While the United States Supreme Court overruled [Ohio v.] Roberts, [448 U.S. 56, 100 S.Ct. 2531, 65 L.Ed.2d 597 (1980),] in Crawford, we find no indication that it overruled the decisions in Morrissey and Scarpelli.   The minimum rights guaranteed an individual in a parole revocation hearing as outlined in Morrissey are grounded in the due process clause of the Fourteenth Amendment, not the Sixth Amendment.   No meaningful difference exists between sentence modification hearings and parole revocation hearings for the purposes of this inquiry;  both settings involve the potential deprivation of a conditional liberty.   In Morrissey and Scarpelli, the United States Supreme Court held that part of the process required in a parole revocation hearing was the right to confront adverse witnesses unless good cause existed not to allow the confrontation.   The Court clarified in Scarpelli that it did not intend to limit the use of alternatives to live testimony in these settings, explicitly including affidavits and other documentary evidence, which would otherwise be considered hearsay.   Again, although an individual is guaranteed some rights in post-conviction hearings, it is not the “full panoply of rights” guaranteed a defendant in a criminal prosecution.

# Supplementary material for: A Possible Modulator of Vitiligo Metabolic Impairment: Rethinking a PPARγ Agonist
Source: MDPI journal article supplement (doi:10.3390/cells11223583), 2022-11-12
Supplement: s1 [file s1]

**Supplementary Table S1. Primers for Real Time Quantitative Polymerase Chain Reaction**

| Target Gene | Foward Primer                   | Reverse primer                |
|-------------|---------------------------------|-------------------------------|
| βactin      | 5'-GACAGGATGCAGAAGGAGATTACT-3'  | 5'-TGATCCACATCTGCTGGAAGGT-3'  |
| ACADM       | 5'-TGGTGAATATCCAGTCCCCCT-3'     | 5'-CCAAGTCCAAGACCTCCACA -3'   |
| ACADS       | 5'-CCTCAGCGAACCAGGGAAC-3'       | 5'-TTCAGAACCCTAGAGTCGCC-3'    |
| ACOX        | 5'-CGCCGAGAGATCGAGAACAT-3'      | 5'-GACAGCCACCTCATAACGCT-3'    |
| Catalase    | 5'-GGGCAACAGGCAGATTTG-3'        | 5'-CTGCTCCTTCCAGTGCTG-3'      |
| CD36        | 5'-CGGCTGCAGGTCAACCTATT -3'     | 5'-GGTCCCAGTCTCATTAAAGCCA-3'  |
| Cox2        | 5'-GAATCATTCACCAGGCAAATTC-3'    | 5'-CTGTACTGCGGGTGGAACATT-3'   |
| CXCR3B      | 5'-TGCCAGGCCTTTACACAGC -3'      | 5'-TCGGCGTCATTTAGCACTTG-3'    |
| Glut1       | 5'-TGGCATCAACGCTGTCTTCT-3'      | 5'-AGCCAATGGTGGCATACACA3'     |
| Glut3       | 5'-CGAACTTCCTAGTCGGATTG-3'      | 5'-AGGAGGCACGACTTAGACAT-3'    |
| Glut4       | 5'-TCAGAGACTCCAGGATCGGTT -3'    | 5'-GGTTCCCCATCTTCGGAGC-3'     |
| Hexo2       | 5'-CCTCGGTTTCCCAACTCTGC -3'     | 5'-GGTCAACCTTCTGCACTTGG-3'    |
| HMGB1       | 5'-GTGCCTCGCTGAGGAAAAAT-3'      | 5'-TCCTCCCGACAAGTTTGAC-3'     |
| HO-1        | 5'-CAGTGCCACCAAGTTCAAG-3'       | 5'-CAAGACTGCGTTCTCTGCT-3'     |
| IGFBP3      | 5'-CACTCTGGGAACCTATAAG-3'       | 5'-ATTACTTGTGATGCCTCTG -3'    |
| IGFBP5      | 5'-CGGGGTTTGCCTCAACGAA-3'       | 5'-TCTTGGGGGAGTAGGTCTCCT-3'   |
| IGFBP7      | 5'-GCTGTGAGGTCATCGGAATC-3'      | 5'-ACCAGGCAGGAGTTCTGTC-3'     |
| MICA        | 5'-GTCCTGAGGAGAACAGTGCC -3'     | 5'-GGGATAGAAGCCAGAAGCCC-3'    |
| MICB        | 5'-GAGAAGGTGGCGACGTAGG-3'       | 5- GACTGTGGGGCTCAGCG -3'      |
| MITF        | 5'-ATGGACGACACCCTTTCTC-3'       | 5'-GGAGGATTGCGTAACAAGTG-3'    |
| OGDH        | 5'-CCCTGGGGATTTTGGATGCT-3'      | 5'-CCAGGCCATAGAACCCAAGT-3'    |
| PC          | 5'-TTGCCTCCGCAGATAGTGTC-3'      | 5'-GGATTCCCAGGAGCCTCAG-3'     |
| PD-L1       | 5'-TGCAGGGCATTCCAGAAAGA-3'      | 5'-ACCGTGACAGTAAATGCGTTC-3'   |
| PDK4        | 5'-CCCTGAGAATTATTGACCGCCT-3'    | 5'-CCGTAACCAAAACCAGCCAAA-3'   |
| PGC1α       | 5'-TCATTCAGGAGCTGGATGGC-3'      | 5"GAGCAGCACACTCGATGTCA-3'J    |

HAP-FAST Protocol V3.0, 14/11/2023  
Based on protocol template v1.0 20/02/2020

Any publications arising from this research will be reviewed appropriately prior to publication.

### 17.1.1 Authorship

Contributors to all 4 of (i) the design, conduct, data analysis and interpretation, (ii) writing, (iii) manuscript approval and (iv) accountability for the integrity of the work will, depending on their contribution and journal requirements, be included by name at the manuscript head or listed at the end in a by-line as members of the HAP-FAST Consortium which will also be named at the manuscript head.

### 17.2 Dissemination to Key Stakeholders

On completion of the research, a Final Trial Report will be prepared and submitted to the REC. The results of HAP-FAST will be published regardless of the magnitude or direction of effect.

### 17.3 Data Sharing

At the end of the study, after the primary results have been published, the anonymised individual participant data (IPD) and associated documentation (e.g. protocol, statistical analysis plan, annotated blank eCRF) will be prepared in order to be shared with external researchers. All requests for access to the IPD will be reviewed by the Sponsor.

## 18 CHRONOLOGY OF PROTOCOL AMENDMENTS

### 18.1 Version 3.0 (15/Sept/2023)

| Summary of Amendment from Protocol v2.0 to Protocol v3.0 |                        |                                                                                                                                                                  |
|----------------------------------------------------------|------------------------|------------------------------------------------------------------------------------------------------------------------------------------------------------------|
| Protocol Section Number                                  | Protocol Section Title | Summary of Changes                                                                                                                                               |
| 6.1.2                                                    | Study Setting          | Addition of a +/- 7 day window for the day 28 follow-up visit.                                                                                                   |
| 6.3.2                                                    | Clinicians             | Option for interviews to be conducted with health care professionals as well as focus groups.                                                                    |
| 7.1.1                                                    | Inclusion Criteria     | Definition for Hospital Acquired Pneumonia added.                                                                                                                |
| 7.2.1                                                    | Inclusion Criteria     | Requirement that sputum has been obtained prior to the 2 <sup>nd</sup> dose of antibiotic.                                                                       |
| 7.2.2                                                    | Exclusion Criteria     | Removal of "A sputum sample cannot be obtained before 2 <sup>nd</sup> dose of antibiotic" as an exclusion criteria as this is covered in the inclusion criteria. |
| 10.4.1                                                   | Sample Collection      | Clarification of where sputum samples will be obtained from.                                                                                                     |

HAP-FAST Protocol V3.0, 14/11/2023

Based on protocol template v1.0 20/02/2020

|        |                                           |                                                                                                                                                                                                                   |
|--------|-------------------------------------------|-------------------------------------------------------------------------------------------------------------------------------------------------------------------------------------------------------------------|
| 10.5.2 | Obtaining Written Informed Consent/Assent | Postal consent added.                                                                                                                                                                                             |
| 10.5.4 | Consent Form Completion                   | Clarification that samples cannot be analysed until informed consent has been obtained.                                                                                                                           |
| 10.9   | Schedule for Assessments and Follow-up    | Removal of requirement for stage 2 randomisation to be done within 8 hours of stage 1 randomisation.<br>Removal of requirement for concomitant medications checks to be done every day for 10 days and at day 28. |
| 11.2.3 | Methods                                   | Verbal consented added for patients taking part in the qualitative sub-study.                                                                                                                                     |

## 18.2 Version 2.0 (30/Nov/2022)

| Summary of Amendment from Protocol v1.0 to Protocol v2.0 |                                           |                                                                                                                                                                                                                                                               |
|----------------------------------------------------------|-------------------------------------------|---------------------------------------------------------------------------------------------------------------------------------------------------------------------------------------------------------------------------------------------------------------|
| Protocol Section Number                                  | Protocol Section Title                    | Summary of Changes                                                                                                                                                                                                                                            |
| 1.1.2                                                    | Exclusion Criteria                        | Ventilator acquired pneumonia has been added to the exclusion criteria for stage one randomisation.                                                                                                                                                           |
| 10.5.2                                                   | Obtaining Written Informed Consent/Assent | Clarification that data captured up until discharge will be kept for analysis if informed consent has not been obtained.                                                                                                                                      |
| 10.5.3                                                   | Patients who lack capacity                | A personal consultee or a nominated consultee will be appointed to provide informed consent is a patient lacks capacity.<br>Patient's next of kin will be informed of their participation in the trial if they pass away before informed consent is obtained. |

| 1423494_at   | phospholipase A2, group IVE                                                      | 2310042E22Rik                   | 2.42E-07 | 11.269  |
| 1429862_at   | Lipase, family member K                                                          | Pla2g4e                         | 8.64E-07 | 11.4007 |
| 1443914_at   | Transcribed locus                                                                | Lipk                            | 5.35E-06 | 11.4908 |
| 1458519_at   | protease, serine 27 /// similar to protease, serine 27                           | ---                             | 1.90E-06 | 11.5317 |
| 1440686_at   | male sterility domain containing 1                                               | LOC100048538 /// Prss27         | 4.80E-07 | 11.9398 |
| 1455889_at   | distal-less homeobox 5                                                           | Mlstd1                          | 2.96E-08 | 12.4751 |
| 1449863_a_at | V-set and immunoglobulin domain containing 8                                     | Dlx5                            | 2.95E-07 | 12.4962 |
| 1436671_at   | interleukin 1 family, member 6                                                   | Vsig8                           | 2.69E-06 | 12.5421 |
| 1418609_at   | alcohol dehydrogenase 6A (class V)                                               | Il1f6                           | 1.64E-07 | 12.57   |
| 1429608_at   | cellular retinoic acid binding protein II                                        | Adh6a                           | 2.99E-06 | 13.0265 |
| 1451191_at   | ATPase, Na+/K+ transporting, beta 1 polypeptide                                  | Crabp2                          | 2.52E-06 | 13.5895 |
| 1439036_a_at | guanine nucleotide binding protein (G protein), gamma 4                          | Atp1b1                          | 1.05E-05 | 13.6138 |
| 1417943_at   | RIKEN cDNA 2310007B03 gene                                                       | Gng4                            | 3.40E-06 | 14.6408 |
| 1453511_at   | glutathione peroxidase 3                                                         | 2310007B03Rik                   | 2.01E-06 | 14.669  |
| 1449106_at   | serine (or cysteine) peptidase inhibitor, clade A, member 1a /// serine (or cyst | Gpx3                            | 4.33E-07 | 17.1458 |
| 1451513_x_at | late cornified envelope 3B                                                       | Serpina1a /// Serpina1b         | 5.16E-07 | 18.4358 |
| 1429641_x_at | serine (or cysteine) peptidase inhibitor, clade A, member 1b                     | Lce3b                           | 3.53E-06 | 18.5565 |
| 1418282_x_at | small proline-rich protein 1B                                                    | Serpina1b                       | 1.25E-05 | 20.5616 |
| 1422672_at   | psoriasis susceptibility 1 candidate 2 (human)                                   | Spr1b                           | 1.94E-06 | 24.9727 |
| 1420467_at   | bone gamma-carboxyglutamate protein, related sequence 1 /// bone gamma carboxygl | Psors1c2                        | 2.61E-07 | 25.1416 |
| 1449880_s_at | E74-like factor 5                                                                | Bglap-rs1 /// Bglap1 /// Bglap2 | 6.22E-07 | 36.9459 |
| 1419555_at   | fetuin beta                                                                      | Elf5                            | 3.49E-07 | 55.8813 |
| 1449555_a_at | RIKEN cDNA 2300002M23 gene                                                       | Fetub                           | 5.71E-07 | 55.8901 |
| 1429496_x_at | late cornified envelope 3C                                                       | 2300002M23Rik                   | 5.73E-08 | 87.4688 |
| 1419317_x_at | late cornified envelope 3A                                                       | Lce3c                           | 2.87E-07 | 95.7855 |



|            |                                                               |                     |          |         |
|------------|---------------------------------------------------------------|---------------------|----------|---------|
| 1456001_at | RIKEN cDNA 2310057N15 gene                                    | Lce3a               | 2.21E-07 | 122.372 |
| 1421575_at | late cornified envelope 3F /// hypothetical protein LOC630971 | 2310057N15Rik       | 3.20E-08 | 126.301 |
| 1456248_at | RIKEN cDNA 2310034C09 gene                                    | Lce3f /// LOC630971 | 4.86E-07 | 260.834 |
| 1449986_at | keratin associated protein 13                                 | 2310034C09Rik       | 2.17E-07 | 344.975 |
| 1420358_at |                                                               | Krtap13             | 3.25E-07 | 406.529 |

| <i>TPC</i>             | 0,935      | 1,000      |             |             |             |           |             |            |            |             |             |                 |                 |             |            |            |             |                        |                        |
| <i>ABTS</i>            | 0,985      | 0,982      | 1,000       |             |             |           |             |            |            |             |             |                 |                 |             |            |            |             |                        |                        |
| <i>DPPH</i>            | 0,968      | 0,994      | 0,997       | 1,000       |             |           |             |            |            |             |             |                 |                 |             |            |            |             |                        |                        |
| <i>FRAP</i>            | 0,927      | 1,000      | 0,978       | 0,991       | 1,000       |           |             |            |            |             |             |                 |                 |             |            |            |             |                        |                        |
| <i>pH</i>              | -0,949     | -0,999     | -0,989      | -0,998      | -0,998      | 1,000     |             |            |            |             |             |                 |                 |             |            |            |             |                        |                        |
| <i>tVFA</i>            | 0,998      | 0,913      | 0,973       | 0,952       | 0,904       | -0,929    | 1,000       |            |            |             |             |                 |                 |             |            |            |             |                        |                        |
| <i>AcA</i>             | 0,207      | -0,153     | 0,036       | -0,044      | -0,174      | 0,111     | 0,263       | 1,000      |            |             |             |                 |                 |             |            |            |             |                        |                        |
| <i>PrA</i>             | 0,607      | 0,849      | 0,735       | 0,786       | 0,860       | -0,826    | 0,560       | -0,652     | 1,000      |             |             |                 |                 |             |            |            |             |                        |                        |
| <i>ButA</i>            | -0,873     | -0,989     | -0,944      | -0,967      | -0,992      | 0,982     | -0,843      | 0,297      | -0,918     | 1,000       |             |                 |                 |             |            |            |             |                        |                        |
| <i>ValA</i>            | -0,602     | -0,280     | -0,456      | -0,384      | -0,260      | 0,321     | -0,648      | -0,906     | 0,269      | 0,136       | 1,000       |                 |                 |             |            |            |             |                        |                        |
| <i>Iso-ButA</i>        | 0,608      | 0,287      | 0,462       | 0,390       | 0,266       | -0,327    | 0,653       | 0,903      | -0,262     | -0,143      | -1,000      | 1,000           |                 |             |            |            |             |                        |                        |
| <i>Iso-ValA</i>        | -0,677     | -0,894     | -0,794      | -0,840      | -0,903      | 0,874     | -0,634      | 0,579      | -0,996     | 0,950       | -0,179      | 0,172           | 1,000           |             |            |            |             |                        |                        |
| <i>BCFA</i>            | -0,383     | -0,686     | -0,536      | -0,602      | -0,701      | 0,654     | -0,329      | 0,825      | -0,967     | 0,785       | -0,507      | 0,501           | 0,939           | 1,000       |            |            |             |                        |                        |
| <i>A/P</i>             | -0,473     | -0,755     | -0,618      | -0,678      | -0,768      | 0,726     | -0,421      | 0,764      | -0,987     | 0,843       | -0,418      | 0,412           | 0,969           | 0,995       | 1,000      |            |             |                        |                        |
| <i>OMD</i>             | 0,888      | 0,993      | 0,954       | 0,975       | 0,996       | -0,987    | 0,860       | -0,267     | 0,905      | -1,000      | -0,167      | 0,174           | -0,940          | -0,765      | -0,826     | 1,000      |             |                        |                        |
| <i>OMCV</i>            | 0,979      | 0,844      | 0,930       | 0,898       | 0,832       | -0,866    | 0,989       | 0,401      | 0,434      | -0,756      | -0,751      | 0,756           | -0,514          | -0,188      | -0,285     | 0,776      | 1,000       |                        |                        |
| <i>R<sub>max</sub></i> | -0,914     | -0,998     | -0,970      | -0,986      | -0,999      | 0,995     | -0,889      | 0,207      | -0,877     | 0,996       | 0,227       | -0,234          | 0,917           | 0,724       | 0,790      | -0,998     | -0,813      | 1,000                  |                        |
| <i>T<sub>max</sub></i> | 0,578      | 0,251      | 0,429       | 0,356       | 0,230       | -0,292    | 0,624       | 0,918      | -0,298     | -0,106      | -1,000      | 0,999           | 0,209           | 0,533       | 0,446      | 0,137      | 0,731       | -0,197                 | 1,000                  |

We find nothing in Crawford to support Abd-Rahmaan's argument that the United States Supreme Court intended to overrule Morrissey and Scarpelli, and we will not find it by implication.   Since sentence modification hearings are not criminal prosecutions, the more flexible confrontation requirements under the due process clause of the Fourteenth Amendment still control.   As we stated in [State v.] Dahl, [139 Wash.2d 678, 990 P.2d 396 (1999),] “[t]he minimal due process right to confront and cross-examine witnesses is not absolute.”

Id. at 1160-61 (internal citations omitted).

As the Abd-Rahmaan court also pointed out, the overwhelming majority of federal decisions have found the Crawford rationale inapplicable in community supervision revocation proceedings.   See id. at 1161.   In fact, the Second Circuit in United States v. Aspinall, 389 F.3d 332, 342-43 (2d Cir.2004), abrogation on other grounds recognized in U.S. v. Fleming, 397 F.3d 95 (2d Cir.2005), and the Eighth Circuit in United States v. Martin, 382 F.3d 840, 844 (8th Cir.2004), have both held that Crawford does not apply in probation violation proceedings because “[n]othing in Crawford, which reviewed a criminal trial, purported to alter the standards set by Morrissey/Scarpelli or otherwise suggested that the Confrontation Clause principle enunciated in Crawford is applicable to probation revocation proceedings.”  Aspinall, 389 F.3d at 343.3  In addition to recognizing the Second Circuit's decision in Aspinall, the Abd-Rahmaan court also noted,